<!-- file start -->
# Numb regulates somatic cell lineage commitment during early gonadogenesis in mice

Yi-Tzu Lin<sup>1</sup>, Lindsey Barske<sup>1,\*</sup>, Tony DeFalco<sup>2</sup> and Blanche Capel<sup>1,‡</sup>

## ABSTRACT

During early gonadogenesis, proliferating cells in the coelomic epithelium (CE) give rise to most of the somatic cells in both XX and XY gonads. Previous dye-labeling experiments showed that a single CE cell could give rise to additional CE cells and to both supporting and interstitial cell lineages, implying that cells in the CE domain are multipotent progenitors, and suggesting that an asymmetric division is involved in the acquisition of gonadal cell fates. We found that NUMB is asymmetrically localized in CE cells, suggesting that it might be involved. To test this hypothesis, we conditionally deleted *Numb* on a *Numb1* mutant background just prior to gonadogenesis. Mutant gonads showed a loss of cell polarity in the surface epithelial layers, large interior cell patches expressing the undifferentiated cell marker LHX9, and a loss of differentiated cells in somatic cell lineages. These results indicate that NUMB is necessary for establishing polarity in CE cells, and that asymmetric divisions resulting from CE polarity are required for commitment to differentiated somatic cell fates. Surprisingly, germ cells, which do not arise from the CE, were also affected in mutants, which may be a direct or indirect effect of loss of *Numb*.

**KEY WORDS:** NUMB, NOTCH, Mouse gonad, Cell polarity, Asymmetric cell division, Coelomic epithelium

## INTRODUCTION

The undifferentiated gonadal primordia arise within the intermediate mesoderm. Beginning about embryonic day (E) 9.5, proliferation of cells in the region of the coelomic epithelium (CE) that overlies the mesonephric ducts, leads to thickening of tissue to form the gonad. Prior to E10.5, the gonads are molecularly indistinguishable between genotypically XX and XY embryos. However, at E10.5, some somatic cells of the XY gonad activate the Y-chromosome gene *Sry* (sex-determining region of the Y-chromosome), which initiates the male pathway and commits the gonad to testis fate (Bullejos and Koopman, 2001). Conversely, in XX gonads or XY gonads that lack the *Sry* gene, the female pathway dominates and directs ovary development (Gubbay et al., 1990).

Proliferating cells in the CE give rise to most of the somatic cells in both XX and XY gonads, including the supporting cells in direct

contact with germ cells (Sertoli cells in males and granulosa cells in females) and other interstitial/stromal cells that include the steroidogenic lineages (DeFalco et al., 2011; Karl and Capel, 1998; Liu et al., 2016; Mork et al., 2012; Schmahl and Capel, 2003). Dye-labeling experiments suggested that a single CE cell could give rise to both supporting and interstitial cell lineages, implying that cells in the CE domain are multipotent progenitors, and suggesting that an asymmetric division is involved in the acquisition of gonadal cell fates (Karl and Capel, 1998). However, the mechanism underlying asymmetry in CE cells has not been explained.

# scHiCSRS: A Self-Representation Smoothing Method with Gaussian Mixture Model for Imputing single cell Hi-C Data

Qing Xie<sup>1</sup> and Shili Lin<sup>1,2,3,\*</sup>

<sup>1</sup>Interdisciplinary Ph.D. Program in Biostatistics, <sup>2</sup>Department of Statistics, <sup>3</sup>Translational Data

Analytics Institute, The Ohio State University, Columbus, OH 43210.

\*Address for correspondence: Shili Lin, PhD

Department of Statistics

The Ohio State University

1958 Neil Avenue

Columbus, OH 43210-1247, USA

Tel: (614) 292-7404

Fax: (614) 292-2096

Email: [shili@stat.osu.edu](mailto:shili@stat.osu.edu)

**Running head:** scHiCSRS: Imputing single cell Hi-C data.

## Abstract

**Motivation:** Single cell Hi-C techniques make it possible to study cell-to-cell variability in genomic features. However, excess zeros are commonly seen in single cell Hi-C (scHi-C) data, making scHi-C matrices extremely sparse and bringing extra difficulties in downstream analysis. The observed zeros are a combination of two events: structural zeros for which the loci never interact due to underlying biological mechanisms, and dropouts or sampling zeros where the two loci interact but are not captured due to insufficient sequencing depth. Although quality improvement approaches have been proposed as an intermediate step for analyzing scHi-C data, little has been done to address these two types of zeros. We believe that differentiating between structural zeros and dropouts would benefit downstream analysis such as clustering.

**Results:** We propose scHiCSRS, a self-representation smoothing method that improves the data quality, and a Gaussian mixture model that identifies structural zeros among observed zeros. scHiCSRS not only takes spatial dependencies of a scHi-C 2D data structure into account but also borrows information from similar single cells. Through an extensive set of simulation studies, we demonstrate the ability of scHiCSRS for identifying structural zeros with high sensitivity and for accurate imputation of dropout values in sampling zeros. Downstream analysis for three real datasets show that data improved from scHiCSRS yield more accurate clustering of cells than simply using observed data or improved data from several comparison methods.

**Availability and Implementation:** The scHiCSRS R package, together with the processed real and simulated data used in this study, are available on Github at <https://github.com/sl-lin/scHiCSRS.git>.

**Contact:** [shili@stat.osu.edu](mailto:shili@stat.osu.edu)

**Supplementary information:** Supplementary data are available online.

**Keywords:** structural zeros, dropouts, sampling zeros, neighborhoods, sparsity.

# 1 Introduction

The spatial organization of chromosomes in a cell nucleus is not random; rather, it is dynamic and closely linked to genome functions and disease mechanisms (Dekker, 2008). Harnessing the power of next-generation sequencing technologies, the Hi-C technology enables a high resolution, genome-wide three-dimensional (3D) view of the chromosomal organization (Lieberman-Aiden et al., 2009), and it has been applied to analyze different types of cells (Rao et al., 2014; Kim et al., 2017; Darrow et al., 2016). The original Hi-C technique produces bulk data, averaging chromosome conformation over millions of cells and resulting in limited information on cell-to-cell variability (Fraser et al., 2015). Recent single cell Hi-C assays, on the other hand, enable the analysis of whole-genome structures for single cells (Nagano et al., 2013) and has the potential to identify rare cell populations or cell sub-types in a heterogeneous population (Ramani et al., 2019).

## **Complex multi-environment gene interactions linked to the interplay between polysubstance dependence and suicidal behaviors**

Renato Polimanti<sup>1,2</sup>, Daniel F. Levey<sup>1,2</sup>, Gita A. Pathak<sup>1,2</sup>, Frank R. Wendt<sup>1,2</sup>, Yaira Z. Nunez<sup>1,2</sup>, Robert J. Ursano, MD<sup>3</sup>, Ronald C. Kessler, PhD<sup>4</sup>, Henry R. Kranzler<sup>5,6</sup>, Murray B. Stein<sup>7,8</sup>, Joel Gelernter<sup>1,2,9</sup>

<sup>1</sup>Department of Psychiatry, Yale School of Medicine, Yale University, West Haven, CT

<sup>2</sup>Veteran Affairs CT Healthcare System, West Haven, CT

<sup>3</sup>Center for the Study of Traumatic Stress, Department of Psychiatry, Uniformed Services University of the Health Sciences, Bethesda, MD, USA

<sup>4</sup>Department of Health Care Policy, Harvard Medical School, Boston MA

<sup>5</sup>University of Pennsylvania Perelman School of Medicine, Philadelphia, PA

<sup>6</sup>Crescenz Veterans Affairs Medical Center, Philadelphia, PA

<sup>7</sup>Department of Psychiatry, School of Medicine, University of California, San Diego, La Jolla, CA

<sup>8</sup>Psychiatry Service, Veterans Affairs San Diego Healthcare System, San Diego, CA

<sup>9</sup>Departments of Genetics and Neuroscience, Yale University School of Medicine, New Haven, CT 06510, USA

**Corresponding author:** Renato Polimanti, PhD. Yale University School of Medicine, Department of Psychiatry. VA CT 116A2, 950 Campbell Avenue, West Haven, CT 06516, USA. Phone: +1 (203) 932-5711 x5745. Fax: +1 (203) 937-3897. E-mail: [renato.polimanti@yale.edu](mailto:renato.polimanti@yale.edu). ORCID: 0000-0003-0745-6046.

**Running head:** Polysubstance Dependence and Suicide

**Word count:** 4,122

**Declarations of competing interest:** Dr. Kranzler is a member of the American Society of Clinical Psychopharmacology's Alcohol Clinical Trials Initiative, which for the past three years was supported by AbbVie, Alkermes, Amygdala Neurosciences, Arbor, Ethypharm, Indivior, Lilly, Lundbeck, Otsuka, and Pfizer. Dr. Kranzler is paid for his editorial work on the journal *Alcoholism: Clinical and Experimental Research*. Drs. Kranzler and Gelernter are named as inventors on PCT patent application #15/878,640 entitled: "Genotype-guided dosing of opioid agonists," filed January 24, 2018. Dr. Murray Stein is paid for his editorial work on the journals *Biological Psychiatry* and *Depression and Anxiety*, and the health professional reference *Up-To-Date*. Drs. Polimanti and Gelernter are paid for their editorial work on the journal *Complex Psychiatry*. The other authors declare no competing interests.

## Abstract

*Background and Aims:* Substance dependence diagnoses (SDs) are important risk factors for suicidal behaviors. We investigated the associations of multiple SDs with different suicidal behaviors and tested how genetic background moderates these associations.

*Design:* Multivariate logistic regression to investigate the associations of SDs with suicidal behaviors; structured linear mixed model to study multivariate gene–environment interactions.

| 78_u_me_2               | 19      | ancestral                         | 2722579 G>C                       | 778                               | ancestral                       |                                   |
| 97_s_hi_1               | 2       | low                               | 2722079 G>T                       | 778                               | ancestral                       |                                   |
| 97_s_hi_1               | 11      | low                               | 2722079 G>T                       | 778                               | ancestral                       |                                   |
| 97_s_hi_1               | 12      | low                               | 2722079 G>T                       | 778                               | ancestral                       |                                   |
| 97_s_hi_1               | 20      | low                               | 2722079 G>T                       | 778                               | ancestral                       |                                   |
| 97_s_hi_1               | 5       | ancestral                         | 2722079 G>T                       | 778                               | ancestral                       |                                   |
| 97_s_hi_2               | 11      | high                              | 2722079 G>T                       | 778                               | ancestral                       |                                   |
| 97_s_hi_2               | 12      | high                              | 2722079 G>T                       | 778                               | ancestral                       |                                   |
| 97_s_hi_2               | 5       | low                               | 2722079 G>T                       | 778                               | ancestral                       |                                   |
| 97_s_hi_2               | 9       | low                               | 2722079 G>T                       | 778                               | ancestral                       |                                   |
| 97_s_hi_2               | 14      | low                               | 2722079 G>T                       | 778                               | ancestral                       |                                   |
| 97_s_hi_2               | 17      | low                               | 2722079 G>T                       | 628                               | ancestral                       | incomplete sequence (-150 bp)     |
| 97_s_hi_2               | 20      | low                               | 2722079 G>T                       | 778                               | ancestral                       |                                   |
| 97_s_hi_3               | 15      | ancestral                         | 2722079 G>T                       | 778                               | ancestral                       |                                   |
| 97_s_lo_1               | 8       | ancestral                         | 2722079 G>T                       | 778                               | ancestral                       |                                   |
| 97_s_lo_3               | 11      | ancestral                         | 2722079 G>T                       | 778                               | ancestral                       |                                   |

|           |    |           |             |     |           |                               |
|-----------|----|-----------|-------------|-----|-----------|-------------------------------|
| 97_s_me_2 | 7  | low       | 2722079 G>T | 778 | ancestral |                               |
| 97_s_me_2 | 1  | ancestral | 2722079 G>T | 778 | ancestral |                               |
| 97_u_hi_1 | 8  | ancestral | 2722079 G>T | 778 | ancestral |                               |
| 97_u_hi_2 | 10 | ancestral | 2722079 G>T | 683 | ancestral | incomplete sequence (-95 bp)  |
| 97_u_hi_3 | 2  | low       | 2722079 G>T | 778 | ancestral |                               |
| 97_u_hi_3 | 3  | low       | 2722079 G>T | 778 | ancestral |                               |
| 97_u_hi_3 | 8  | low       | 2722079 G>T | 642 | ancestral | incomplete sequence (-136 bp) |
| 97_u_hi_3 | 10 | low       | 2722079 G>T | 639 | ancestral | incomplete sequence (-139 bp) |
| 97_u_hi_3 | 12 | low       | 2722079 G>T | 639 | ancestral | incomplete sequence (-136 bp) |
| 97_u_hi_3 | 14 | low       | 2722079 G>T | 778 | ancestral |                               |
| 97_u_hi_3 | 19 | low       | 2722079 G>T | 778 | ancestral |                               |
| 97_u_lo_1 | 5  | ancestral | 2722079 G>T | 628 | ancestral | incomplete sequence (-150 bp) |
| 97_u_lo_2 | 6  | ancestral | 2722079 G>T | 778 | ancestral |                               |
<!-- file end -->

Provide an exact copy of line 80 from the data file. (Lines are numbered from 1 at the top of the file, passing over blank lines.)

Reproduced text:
| 97_u_lo_2 | 6  | ancestral | 2722079 G>T | 778 | ancestral |                               |